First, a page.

‘Mandatory’ mediation under the Code (it is only mandatory if one party to the dispute calls for it) is, quite frankly, the bastard child of Artemis and Hades.  I am a big fan of genuine mediation – it works well, but where one party is dragged against their will into a mediation (and expected to compromise, if not cheerfully then at least reasonably) it is unrealistic to expect a positive outcome. 

I say it is a credit to the OMA mediators that they are able to get such a success rate at all – but I am not yet convinced of the quality or durability of the settlements.  But this is for another day. 

Dispute resolution represents the most significant opportunity for improving current franchising practice.  I simply do not understand how the Senate can acknowledge that the system has a major problem and yet recommend that the solution is to change the name of the Government office. 

What about extra resources for the ACCC? 

The Senate (in a recommendation excluded from the Options Paper) has suggested that extra resourcing for the ACCC should be considered.  This is not the answer either because it still does not give franchisees the ability resolve their own disputes and the problem is partially to do with the perception of the role of the ACCC in franchising matters.  

The best analogy I can think of to explain the role of the ACCC is this: 

Imagine you are driving your car and another vehicle collides with you.  Both you and your vehicle are suffer damage.  The police are called and they take statements from both parties and any witnesses. 

After investigating the incident, the police may charge the other driver with an offence and take the matter to Court to enforce the relevant road use laws. 

But do you expect that the police to make arrangements for the repair of your car?  Towing?  Do you expect the police prosecutor to ask the Court to make an award to cover the cost of repairs and compensate you for your injury?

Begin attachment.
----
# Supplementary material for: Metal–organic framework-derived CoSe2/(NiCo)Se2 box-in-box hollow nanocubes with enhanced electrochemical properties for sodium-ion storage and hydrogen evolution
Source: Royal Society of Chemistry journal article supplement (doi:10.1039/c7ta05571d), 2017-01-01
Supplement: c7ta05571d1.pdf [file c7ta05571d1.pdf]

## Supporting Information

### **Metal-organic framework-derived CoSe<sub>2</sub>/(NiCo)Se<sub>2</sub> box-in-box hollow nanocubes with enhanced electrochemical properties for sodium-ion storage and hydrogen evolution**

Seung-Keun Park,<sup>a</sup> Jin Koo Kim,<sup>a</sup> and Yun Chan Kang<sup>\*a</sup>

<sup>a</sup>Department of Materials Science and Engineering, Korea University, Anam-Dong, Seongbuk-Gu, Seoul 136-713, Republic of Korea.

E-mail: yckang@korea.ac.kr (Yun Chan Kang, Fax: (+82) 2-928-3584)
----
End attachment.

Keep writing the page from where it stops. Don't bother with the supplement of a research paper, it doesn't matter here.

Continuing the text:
Of course not - the police are not the enforcers of civil damages, nor are they expected to do so.  The police may, on occasion, seek restitution in special circumstances, but generally you are required to pursue your own remedies in Court, largely regardless of whether the police are successful in obtaining a conviction. 

If you think of the ACCC in the same way it is not hard to recognise why extra resources are not going to make any significant difference to the problems faced by ordinary franchisees trying to resolve their disputes with a disinterested, or antagonistic, franchisor.  

So what would help? 

I maintain that this is the time for us, as an industry, to apply pressure for the Commonwealth Government to create a proper Australian Franchising Office which incorporates: 

  1. an investigative role to address complaints (but not acquiring the enforcement jurisdiction of the ACCC);
  2. a pro-active dispute resolution function, not just limited to mediation (incorporating the OMA, which does provide a valuable service);
  3. education and makes available basic resources (not many people realise the ACCC publishes some good, but limited, information);
  4. a centralised register of franchising information (which will provide statistics for research into such things as the effectiveness of dispute resolution); and
  5. a franchising tribunal with the authority to deal with all franchising issues, including ‘good faith’, Trade Practices claims, awards of damages, mandatory injunctions and leasing (which would need to be co-ordinated with the States). 

Having one Office to deal with the various aspects of day to day franchising will not solve all of the problems of the industry but the above points address the root causes of the problems we currently see, rather than the consequences. 

Conclusion 

Thanks for following me along these articles.  I have formed an opinion, as I looked at the Senate recommendations and the questions asked in the Options Paper, that the Minister may not have just been sitting on his hands doing nothing for the last 6 months as we all thought, because at least someone among his advisers has recognised that the Senate recommendations – although well meaning – are practically flawed in many respects. 

That is not to say I endorse how this process has been handled (far from it) but I must wonder whether no changes are better than bad changes. 

The Senate Inquiry has identified the issues, but has not made recommendations that resolve the issues, only some of the consequences.  Other solutions are required. 

I strongly encourage anyone interested in the health of the franchising sector in Australia to express your own views by submitting a response to the Options Paper, which is due by 10 July.

This is part 4 of the following 4 part series: